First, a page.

Two significant events should have transpired by the time this article hits the press. The legislature will have closed for the session and one of the biggest retail periods of the year will be well underway.
The resilient consumer has remained the most steadfast catalyst of the current economic expansion – an expansion which is now broadly based across all segments and not demonstrating indication of cooling off (notwithstanding U.S.-China trade tensions).
Analysts are watching holiday consumer purchases, and specifically, the continued transition to online retail versus traditional in-store purchases. Two seasonal shopping milestones this week will be Black Friday and Cyber Monday. Last year, Black Friday had transaction volumes of over $8 billion while Cyber Monday became a higher volume event with over $10 billion in sales. (Cyber Monday’s average savings are estimated to be 21 per cent while Black Friday savings are estimated to be 18.5 per cent, according to discount browser Honey).
By contrast Alibaba’s ‘singles day’ had transactions of over $39 billion in 24 hours.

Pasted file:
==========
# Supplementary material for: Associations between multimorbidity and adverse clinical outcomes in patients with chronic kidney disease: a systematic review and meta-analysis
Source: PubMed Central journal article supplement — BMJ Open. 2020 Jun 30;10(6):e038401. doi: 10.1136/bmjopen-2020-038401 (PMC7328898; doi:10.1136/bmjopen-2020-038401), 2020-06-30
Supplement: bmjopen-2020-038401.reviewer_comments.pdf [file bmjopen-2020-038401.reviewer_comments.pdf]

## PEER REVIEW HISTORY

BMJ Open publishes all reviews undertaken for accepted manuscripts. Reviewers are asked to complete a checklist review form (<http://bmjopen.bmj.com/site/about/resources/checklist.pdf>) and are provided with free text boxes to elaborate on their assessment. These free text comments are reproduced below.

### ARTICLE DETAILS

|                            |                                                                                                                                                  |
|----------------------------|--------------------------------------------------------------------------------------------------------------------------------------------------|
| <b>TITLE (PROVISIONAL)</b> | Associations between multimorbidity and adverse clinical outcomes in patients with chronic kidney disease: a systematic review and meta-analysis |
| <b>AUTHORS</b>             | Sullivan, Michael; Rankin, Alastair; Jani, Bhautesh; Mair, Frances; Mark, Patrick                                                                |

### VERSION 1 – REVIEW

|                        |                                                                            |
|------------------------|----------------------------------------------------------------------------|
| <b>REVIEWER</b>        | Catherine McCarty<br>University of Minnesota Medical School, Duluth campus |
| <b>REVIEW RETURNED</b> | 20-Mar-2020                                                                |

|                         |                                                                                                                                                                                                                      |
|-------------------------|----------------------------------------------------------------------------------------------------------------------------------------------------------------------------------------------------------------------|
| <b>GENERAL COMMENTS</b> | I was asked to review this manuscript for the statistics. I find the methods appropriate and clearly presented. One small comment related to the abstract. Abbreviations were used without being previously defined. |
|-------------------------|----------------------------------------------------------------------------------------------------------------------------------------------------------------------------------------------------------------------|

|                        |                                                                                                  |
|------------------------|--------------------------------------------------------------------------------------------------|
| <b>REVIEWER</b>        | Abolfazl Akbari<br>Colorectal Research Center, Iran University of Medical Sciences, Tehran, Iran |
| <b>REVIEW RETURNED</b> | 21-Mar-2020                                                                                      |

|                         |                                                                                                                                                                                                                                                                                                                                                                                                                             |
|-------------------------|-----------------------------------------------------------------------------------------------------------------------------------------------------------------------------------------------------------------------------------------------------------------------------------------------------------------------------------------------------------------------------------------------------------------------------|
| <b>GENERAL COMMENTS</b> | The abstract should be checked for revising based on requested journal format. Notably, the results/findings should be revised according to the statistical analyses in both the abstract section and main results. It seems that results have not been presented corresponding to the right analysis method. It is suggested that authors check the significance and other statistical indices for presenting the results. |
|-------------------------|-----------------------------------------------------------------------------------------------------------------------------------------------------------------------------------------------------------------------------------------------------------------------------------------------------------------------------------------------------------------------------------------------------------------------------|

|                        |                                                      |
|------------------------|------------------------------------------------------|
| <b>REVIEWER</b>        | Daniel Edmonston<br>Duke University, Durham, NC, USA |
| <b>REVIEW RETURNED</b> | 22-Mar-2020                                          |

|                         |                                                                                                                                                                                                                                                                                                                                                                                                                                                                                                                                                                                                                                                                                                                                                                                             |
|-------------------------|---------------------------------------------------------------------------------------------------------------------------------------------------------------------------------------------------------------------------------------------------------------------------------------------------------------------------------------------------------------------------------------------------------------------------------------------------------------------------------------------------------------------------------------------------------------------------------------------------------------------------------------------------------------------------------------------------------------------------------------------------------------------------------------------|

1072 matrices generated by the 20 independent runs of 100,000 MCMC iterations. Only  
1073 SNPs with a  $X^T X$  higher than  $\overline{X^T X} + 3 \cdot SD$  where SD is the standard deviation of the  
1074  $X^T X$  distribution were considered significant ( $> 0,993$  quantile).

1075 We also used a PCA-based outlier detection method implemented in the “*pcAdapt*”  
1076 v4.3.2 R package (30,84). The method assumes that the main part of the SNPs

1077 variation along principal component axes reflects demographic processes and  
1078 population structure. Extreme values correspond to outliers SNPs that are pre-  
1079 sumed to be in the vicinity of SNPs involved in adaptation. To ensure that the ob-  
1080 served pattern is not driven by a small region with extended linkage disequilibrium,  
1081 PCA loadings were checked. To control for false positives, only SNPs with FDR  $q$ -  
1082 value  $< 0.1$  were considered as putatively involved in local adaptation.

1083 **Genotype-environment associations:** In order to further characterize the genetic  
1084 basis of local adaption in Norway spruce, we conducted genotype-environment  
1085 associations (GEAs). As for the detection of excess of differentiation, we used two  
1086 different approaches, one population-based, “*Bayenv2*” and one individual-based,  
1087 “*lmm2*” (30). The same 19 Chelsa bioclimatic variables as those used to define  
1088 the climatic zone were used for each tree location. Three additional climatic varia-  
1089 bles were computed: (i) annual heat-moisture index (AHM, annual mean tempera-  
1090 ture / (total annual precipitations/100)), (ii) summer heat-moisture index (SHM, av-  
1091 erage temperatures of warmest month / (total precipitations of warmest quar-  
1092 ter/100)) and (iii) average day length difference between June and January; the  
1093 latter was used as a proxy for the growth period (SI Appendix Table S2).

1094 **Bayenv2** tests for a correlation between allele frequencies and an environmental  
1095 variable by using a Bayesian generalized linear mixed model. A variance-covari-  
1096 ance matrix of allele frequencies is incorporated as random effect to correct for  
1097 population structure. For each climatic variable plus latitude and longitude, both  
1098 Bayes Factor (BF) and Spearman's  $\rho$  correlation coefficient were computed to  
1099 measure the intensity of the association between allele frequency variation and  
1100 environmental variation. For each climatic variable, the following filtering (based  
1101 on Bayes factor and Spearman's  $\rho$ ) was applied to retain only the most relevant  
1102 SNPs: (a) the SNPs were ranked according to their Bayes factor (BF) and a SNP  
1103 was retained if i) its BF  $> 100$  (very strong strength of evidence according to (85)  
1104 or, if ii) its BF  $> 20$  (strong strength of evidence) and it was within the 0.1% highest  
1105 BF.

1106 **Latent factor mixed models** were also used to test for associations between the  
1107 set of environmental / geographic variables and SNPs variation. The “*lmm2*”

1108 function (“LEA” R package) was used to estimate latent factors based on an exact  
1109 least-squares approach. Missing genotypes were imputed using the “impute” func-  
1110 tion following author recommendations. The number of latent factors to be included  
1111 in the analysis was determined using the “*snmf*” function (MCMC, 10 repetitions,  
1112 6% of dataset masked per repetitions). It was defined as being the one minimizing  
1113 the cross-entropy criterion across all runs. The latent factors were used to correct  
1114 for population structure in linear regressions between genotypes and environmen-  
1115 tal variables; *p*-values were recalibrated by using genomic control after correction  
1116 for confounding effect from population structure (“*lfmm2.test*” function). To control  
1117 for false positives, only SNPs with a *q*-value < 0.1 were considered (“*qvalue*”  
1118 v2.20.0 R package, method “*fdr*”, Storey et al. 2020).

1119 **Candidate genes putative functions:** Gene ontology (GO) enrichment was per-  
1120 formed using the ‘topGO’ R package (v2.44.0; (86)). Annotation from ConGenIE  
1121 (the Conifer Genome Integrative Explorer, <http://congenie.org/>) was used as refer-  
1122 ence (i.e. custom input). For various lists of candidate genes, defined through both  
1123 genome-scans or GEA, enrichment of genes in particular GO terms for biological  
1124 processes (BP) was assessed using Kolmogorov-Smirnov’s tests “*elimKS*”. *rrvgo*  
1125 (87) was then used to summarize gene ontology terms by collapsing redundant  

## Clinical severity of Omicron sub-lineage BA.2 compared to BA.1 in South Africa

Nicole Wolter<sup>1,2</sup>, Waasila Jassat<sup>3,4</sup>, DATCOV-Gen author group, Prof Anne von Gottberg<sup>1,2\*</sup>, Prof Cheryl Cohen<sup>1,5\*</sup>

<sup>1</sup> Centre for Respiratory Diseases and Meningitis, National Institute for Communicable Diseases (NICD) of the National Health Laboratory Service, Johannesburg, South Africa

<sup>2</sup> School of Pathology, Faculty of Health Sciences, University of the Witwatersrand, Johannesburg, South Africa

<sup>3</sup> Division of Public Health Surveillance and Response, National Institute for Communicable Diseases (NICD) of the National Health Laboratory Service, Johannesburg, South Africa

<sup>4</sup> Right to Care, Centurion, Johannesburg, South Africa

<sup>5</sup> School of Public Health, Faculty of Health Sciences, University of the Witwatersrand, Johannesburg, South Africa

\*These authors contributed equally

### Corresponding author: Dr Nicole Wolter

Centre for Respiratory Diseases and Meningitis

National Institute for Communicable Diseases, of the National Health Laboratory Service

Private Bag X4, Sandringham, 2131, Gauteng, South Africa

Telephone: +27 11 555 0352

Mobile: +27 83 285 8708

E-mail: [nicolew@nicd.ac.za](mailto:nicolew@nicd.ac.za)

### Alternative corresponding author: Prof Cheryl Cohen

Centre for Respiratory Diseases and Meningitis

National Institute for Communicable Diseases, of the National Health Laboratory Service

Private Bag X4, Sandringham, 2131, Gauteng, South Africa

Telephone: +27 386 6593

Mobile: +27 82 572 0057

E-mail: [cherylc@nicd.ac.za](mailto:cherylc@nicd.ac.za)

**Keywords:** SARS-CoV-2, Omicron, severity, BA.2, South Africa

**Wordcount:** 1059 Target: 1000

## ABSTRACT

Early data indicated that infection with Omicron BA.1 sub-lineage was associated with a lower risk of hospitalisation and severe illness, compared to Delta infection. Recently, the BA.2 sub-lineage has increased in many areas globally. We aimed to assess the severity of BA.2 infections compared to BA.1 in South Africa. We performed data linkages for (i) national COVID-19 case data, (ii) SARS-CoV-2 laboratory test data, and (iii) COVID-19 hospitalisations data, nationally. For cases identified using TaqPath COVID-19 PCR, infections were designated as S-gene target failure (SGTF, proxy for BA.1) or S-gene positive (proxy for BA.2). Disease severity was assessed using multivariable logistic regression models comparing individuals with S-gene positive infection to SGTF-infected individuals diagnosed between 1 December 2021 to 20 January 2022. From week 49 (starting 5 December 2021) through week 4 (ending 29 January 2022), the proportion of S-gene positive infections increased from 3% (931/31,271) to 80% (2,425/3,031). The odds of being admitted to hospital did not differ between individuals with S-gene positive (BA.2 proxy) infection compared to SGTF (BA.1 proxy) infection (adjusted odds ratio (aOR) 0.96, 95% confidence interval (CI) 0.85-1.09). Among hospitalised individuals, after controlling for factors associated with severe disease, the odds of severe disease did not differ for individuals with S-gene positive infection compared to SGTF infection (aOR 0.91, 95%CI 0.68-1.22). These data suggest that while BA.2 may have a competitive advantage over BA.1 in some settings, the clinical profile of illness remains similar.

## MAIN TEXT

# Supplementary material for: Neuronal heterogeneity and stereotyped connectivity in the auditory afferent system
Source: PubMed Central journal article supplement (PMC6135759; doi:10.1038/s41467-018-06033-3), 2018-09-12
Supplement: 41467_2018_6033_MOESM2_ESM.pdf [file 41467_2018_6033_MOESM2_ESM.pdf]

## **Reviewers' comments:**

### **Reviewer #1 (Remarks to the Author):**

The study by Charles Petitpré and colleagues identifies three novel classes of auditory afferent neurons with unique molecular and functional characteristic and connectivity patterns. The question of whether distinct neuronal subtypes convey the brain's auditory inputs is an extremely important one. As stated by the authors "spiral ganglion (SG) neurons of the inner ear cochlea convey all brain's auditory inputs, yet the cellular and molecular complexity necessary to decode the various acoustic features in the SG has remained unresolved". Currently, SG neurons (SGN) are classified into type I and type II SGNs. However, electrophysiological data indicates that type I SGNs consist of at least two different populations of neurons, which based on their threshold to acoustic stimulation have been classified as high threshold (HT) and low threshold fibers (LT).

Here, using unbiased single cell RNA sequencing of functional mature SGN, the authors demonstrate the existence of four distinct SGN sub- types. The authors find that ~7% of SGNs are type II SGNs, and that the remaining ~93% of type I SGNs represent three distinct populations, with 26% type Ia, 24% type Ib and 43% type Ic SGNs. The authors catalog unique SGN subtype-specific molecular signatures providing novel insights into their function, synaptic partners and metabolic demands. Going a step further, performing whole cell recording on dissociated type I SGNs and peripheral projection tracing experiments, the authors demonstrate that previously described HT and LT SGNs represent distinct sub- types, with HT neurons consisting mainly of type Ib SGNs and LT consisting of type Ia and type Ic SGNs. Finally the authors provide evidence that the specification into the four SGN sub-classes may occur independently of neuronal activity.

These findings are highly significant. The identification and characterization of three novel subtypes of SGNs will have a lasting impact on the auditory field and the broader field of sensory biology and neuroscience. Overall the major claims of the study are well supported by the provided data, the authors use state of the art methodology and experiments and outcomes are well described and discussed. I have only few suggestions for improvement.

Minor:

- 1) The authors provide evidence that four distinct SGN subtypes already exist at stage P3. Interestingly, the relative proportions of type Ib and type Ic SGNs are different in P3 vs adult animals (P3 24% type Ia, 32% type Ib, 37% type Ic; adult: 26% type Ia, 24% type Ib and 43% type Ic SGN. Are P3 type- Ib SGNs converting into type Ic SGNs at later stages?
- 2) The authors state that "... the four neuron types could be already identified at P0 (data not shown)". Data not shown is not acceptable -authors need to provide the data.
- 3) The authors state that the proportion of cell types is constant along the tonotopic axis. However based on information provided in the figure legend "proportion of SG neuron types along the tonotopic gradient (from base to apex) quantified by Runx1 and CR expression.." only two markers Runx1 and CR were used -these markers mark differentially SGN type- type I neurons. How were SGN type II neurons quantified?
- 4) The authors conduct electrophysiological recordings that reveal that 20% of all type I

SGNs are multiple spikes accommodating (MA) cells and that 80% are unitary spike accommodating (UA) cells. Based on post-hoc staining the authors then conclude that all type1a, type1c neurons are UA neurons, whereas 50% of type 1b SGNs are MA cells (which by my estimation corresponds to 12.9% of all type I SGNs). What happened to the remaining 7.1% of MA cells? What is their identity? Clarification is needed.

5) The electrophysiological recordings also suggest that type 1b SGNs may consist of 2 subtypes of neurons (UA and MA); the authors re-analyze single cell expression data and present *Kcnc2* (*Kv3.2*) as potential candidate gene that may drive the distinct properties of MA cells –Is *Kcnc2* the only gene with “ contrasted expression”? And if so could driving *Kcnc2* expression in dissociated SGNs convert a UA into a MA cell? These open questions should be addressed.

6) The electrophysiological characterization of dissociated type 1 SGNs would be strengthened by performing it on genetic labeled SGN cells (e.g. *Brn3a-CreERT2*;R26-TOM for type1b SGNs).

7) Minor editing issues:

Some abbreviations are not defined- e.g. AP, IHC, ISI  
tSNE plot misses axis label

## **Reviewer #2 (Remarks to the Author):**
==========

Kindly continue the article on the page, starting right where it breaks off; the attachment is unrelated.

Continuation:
How comfortable would consumers be to be making purchases but only able to see part of the sticker price, or none of the sticker price, or didn’t realize the items were even on sale? What if the price was visible but the retailer was not? This is a scenario P.E.I. government minister Bloyce Thompson is seeking to eliminate with his transparency legislation introduced this session.
All governments tend to talk about open data and information access, but the pendulum swings much slower than the election rhetoric, even in a fragile minority. For enterprise to compete in a fair market, information must be accessible and commonly available. (Removing government, its actors and related entities is still an area which requires much work).
In addition to the published, open datasets, which are being sporadically updated – a few glacial moves toward transparency did shift this week. One notable is sharing shareholding information for P.E.I. corporations, a lifting of the veil from residual PNP hangover last decade. The other being transparency in individual landholdings and linking corporation ownership structure to individual shareholders.
The insignificance of the change will have a meaningful impact on transparency but also land protection and enforcing compliance of ownership and corporate limitations.
Corporate shareholders will now be shared in a reasonably expected air of transparency. (Corporations can still be registered federally and outside the preview of provincial regulation).
By this time next week, the legislature will be closed and the registers will be tallied for seasonal sales kickoff. Then the festivities of a relaxing holiday season will begin.
Blake Doyle is The Guardian’s small business columnist.